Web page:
Drug Policy Forum reflects on successes

Group helped pass marijuana ordinance, conducted opinion poll

It’s been one year since a new group surfaced in Lawrence with the goal of making Kansans rethink the war on drugs.

In that time, the Drug Policy Forum of Kansas has succeeded in helping pass a city marijuana ordinance, conducted a statewide public opinion poll and obtained official tax status as a nonprofit.

Executive director Laura A. Green said the group’s e-mailed newsletter has grown from about 50 recipients to more than 600.

Green said that, typically, people who speak out for drug reform are labeled “radicals or legalizers” – something she’s tried to avoid in her dealings with law enforcement and elected leaders.

“I’m not there to challenge them. I’m there to discuss the policies,” Green said Thursday as she sat inside a west-side rental home she was renovating, wearing a T-shirt with the words “No More Drug War” on the back. “It’s important that we have civil discourse with our elected officials and our law-enforcement community. … Being antagonistic and critical is not our mission.”

Green cited a statewide poll of 500 frequent voters, conducted by Jayhawk Consulting, as one of the group’s main accomplishments in its first year. Among its findings:

¢ 73 percent of those polled agreed that students in junior high and high school who participate in extracurricular activities should be drug tested. But she cited research, including a 2003 study by the University of Michigan, that showed drug-testing in schools does not deter drug use. She said the group is planning a town-hall style forum on the subject where both sides will be presented.

¢ 52 percent of those polled believed we are losing the “war on drugs.”

¢ By nearly three to one (60 percent to 21 percent), those polled said they viewed someone with a drug problem as a criminal to be punished, rather than a person with a health problem.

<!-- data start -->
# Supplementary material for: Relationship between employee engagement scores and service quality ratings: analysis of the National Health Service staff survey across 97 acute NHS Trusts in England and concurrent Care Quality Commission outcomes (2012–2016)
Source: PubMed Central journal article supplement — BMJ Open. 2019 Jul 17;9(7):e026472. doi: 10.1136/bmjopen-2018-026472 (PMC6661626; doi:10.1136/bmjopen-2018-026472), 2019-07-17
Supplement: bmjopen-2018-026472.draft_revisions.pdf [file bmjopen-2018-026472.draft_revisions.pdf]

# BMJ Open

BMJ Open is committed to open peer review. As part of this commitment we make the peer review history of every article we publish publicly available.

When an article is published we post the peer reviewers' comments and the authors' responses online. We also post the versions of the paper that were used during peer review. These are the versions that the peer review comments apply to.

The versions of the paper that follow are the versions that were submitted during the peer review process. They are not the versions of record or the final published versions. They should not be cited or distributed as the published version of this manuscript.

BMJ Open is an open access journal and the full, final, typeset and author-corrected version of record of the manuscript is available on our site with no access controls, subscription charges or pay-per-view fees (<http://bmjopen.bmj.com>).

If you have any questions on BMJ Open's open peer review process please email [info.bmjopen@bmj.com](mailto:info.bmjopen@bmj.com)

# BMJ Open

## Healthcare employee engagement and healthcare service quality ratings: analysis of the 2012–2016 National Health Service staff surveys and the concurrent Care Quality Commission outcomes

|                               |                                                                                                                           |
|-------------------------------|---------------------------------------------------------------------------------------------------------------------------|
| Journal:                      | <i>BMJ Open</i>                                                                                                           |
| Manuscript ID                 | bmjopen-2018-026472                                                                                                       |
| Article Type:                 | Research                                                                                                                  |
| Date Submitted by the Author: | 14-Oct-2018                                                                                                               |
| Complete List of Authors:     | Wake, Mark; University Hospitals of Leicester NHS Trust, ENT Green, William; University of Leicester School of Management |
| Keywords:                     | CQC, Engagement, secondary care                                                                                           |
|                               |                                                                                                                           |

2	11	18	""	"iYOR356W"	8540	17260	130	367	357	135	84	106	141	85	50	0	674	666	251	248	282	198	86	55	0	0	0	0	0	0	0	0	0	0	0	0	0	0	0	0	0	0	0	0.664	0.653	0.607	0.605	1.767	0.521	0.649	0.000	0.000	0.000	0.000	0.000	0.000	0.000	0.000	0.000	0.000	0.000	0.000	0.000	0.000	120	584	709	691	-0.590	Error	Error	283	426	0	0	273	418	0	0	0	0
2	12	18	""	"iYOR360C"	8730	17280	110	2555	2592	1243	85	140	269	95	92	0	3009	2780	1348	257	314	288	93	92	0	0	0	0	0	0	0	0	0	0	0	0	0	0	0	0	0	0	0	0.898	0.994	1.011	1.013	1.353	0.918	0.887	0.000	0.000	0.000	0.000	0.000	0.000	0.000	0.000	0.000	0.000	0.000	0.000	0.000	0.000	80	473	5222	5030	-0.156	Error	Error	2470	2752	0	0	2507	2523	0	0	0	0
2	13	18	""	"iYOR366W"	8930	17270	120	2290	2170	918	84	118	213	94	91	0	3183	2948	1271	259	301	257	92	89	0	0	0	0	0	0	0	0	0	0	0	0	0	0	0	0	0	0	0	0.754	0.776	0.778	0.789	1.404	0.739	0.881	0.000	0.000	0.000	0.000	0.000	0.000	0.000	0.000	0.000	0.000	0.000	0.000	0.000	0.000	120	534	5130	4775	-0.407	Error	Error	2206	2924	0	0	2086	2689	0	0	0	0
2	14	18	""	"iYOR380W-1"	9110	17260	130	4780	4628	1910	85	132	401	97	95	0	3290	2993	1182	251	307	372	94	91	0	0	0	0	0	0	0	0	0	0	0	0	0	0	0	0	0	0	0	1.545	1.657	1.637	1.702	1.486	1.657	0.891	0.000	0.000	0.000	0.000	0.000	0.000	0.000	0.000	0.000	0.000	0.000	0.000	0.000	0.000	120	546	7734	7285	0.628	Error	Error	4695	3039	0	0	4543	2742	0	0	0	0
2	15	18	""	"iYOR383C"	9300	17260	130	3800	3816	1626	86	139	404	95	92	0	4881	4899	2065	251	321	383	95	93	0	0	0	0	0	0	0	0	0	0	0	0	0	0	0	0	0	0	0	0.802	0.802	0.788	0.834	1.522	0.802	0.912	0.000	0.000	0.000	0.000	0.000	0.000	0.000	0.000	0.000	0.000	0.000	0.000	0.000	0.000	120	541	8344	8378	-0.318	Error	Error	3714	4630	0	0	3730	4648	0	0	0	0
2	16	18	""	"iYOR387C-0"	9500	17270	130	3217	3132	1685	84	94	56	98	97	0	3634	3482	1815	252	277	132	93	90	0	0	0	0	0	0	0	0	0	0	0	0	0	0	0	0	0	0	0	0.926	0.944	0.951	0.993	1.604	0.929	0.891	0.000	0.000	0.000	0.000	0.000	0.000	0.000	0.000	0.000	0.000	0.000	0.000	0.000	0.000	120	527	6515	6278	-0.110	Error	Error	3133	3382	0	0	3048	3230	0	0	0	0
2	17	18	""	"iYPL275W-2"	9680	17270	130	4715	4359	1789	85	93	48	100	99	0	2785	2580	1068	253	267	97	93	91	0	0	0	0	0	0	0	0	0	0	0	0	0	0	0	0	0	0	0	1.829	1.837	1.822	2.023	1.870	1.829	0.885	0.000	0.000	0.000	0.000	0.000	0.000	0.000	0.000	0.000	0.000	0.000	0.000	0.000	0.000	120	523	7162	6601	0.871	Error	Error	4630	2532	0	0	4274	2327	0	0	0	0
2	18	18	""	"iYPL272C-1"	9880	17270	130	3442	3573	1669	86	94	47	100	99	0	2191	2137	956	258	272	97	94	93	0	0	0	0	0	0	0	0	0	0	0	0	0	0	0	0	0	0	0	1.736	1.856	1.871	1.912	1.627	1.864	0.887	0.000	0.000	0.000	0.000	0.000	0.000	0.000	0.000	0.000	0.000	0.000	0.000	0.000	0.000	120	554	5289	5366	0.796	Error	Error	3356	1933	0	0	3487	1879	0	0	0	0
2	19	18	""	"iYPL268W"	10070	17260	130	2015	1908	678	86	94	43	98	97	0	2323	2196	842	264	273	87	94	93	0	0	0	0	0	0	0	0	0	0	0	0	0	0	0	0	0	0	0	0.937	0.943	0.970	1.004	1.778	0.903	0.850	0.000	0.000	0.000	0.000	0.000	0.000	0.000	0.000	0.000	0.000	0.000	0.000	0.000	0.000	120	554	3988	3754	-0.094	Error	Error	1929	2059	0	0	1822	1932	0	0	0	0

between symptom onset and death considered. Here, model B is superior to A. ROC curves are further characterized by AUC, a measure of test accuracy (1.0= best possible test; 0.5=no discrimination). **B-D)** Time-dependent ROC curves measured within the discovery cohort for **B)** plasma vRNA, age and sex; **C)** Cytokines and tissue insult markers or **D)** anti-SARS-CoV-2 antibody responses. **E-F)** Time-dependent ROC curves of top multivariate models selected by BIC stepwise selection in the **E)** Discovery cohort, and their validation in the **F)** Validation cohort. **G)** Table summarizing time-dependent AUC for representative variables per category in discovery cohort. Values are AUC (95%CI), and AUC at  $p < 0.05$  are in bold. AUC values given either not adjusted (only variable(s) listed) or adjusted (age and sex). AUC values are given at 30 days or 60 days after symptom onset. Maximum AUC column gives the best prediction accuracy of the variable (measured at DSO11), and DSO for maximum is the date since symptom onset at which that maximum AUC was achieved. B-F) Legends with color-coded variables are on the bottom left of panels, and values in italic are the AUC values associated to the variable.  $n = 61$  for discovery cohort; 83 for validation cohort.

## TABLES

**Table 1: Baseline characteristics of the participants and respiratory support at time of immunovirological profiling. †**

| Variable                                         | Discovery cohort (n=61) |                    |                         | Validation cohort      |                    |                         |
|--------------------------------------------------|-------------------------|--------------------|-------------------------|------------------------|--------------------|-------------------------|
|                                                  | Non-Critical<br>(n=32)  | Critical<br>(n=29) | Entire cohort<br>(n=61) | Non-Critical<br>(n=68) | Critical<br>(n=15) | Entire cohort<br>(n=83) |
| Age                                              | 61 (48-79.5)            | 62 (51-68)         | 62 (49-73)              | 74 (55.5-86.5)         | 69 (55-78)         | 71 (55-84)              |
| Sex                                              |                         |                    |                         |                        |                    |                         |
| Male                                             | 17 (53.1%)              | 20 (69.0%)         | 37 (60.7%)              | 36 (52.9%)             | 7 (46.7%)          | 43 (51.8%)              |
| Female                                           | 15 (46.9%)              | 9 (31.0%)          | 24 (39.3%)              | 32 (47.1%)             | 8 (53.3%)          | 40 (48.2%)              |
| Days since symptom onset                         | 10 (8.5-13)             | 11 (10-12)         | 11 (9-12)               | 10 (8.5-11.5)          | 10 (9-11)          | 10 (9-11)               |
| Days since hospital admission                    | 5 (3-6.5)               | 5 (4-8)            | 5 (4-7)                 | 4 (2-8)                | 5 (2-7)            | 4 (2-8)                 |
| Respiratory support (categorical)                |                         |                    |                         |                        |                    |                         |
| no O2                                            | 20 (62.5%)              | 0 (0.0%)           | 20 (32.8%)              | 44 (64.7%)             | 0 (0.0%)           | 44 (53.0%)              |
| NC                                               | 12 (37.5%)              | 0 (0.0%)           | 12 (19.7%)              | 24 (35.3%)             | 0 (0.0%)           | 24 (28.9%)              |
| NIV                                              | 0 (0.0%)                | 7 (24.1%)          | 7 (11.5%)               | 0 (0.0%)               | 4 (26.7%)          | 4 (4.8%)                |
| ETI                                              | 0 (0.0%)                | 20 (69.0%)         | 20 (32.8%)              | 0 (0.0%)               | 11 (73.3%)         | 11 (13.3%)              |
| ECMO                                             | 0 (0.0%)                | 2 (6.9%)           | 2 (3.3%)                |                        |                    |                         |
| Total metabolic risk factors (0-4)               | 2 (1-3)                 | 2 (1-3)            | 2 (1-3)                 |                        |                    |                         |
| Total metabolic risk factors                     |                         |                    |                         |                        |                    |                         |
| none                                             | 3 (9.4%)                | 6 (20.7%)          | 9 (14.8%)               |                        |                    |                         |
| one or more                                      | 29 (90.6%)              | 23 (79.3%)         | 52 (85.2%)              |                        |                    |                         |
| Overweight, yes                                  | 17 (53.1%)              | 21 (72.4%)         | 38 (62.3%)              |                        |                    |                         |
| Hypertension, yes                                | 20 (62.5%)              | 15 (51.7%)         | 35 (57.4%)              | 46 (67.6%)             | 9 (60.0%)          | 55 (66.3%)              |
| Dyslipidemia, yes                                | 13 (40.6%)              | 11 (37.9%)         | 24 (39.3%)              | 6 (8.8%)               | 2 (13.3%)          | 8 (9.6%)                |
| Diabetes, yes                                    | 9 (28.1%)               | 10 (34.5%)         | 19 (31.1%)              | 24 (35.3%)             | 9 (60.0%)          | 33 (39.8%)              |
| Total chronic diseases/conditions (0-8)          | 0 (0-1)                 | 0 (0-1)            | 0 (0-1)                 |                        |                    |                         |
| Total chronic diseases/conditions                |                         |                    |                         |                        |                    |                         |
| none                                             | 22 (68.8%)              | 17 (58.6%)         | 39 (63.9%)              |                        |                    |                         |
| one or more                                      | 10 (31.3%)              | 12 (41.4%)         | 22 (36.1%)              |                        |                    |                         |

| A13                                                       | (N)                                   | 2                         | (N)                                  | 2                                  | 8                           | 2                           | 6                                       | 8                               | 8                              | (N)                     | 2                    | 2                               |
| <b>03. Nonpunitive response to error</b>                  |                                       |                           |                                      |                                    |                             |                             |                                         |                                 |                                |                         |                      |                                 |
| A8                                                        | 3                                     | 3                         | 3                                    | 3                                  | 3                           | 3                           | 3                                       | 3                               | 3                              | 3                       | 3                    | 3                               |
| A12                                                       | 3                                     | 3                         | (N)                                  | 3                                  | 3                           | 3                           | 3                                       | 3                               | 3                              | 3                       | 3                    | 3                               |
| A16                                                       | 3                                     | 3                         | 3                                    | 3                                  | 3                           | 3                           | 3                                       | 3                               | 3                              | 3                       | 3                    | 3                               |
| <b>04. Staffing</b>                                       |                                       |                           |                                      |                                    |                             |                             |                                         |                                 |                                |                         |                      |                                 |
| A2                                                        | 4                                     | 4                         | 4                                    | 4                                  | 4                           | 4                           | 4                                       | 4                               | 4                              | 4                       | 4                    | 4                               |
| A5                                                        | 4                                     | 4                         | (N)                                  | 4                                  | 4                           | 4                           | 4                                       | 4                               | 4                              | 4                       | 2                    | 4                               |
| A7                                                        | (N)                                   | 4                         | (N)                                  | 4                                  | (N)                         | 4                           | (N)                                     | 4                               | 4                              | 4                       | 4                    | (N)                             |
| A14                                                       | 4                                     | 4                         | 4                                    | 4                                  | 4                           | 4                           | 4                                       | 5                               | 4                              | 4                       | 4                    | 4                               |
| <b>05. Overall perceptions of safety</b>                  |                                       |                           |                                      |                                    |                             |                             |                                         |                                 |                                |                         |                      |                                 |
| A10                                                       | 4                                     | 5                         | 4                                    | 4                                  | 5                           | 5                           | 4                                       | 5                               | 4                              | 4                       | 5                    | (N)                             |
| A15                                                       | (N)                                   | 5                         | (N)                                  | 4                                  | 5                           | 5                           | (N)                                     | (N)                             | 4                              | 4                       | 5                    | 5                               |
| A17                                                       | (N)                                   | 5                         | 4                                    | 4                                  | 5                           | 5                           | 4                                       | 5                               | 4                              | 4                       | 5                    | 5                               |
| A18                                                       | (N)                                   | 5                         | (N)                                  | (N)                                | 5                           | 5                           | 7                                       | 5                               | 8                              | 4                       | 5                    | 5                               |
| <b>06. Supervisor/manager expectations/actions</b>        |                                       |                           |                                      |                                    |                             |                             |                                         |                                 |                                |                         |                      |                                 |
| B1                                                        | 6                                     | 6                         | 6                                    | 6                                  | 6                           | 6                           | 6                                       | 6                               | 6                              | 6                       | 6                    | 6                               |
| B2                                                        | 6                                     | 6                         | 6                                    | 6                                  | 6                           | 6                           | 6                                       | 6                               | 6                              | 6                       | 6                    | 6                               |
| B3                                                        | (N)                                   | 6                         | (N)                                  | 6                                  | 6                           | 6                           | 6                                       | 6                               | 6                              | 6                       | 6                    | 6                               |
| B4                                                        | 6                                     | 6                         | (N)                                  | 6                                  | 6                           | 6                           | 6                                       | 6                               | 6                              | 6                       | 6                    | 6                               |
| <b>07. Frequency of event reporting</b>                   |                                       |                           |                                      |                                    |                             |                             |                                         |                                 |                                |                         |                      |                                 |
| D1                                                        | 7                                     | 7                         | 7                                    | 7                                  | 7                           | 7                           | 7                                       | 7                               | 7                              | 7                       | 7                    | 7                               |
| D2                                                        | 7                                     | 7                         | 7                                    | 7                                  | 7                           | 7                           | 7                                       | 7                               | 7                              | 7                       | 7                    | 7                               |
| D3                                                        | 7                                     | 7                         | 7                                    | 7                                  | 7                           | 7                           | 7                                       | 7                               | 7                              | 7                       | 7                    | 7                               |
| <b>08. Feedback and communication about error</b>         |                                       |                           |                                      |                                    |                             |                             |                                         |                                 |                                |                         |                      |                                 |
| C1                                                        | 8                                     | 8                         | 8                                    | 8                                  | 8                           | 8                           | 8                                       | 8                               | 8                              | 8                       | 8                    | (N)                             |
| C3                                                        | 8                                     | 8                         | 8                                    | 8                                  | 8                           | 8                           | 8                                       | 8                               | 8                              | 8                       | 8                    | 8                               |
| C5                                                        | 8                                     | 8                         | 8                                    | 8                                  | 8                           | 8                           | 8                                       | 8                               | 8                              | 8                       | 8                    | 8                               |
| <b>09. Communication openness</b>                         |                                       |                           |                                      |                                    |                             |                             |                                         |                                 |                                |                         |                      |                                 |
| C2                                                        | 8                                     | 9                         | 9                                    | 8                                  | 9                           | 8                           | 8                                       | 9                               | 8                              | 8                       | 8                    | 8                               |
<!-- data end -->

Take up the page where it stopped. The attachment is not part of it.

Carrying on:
¢ 62 percent were unopposed to changing Kansas law to allow marijuana use by someone with a “serious and terminal medical condition” if it was recommended by a doctor.

One of the group’s goals is to promote “public health” alternatives to the current criminal justice approach to drugs.

“For 35 years, we’ve had the same policies, and they’re not working,” Green said. “Our mission is to elevate the debate so that both sides are presented, so that the general public can make up their own minds on the issues.”

The group first came into the public eye when it began pushing for a city marijuana ordinance that would allow cases to be handled in Municipal Court instead of District Court. According to Municipal Court, 66 cases have been prosecuted so far under the new law.

Green, however, said the changes have turned out to be somewhat of a “nonissue.” The $200 fine adopted by the city for marijuana possession – which is in addition to a $100 fee for an evaluation – was higher than Green wanted to see, and the law left police with the discretion of whether to arrest someone or issue a citation.

Green said the group is supported by donations and grants it has received from the groups Common Sense for Drug Policy and the Drug Policy Alliance. Lawrence lawyer Bob Eye is a founding board member, and Carolyn Jones, of Lawrence, is the board secretary.

Lt. John Eickhorn, a Kansas Highway Patrol spokesman, said he and Green may not agree on the issues, but that, so far, their contacts have been cordial and professional. The two spoke at length earlier this summer, when Green questioned the increased law enforcement presence and police check lane at this year’s Wakarusa Music & Camping Festival.

As of this week, Green is awaiting a response to a records request for information on how federal anti-drug grant money was used at the festival, as well as statewide.

“They expressed their concern, and I think that they did it in a polite way,” Eickhorn said.